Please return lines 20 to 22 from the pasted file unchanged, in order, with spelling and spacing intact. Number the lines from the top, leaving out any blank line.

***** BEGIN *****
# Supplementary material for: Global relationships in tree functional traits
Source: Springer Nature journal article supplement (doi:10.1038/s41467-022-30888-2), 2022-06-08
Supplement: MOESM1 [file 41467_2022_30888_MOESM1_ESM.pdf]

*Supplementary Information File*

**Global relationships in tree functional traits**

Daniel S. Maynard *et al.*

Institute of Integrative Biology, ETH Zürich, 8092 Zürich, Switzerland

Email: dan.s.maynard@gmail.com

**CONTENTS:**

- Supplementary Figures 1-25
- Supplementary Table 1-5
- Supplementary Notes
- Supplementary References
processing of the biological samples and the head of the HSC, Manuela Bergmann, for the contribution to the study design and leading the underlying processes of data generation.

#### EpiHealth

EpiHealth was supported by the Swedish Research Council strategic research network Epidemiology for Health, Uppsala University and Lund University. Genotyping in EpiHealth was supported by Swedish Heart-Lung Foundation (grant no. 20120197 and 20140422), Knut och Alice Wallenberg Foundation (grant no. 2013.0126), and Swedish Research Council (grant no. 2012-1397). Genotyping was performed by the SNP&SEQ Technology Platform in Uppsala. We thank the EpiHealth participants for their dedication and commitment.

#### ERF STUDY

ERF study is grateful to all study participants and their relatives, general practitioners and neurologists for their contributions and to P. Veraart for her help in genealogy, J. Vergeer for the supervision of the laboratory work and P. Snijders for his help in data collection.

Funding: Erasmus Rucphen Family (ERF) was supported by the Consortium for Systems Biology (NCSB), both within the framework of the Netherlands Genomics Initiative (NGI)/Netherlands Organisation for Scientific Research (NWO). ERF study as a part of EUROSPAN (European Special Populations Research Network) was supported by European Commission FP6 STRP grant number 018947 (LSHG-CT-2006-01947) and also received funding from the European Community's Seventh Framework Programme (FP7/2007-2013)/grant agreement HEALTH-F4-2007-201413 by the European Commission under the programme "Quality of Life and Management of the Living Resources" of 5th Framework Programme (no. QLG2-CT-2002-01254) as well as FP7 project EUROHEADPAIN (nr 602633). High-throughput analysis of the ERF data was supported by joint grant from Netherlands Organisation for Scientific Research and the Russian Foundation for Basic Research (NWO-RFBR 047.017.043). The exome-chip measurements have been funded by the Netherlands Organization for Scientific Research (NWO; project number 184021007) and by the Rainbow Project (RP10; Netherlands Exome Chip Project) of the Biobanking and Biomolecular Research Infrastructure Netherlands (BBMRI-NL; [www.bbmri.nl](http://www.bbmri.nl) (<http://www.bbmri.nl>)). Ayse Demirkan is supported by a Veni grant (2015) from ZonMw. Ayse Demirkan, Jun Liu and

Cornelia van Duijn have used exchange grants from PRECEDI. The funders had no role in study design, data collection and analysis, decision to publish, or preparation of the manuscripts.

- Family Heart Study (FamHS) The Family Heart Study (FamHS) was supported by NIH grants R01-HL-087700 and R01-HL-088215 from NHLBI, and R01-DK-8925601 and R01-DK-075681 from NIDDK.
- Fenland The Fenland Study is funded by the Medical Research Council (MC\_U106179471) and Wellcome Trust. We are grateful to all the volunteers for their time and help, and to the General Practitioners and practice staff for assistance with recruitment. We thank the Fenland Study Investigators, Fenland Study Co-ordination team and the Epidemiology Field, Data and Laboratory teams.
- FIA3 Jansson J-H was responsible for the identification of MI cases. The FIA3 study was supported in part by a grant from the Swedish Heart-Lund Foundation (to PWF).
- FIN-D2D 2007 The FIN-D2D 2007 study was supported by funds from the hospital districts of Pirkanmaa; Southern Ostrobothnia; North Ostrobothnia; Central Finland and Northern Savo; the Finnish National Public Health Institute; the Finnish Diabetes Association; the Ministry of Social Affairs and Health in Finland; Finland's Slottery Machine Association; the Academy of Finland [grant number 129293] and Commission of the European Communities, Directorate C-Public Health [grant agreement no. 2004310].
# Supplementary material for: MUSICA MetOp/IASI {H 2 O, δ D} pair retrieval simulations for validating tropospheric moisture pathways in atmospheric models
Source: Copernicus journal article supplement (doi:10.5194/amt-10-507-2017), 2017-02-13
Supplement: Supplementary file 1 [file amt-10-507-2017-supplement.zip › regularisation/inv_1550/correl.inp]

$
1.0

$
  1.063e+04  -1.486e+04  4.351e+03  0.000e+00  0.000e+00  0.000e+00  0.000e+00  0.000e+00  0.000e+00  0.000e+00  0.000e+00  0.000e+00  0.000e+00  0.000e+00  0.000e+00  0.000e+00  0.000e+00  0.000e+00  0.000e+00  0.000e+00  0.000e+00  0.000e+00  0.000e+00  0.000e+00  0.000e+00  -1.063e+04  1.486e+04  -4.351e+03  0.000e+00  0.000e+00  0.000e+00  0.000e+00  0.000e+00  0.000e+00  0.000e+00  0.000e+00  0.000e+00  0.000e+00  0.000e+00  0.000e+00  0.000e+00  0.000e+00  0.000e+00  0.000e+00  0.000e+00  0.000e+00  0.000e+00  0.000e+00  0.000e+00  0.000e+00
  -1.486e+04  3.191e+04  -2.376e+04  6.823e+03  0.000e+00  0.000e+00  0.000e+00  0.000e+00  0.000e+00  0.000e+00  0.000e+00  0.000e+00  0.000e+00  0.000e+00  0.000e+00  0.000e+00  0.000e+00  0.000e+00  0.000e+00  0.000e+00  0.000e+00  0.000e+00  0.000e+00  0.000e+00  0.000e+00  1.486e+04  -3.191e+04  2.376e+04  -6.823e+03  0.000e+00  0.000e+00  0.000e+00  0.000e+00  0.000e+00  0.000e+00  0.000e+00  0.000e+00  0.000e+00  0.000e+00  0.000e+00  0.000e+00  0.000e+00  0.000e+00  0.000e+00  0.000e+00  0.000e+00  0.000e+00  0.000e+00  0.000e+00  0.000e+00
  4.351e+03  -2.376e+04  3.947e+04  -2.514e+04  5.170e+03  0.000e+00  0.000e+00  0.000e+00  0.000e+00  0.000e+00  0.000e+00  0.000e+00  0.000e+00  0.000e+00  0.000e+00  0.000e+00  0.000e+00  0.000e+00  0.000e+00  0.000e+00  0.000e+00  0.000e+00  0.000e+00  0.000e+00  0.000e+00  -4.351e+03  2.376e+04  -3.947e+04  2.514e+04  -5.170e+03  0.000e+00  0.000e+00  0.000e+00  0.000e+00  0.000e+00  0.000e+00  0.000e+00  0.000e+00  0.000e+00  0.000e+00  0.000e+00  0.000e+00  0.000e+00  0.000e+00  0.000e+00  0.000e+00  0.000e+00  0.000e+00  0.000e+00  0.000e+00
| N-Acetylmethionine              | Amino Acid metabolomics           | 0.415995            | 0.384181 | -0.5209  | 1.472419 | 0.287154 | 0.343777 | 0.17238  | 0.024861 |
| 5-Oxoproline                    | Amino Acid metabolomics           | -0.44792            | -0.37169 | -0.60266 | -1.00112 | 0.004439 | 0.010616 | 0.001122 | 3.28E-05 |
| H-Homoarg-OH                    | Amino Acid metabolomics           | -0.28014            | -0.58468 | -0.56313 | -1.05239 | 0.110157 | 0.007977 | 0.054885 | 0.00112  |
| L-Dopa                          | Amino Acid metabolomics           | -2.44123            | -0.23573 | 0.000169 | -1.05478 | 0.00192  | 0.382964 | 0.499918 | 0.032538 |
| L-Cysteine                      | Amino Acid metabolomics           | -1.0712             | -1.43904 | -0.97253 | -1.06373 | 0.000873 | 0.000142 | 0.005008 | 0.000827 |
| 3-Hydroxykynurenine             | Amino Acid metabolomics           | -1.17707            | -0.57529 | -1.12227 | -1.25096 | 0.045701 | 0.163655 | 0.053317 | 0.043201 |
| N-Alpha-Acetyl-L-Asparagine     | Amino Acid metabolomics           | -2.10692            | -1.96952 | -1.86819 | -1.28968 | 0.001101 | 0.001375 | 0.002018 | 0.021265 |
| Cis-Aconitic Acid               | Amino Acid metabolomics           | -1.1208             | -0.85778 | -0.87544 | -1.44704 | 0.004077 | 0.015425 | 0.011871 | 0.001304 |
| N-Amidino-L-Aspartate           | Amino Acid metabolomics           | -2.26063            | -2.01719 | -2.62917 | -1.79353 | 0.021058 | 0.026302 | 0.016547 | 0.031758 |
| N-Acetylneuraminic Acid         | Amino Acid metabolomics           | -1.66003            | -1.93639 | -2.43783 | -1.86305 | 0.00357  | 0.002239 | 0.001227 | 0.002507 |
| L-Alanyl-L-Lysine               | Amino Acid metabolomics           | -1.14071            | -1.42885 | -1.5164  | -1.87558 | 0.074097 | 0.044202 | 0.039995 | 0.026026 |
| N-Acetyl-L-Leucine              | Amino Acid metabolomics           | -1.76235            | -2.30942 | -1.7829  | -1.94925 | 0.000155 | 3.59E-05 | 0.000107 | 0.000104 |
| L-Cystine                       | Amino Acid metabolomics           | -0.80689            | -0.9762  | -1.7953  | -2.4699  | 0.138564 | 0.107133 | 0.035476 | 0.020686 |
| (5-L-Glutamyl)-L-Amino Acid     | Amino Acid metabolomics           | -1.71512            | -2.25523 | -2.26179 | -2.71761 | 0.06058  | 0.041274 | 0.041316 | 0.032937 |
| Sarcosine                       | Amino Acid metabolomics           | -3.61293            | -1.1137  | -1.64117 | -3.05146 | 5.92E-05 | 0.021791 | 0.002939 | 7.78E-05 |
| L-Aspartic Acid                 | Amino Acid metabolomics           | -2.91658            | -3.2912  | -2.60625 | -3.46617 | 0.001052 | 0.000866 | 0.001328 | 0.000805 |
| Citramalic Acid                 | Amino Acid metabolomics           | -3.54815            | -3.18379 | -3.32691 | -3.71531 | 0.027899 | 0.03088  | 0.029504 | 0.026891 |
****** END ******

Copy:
Cornelia van Duijn have used exchange grants from PRECEDI. The funders had no role in study design, data collection and analysis, decision to publish, or preparation of the manuscripts.

- Family Heart Study (FamHS) The Family Heart Study (FamHS) was supported by NIH grants R01-HL-087700 and R01-HL-088215 from NHLBI, and R01-DK-8925601 and R01-DK-075681 from NIDDK.
- Fenland The Fenland Study is funded by the Medical Research Council (MC\_U106179471) and Wellcome Trust. We are grateful to all the volunteers for their time and help, and to the General Practitioners and practice staff for assistance with recruitment. We thank the Fenland Study Investigators, Fenland Study Co-ordination team and the Epidemiology Field, Data and Laboratory teams.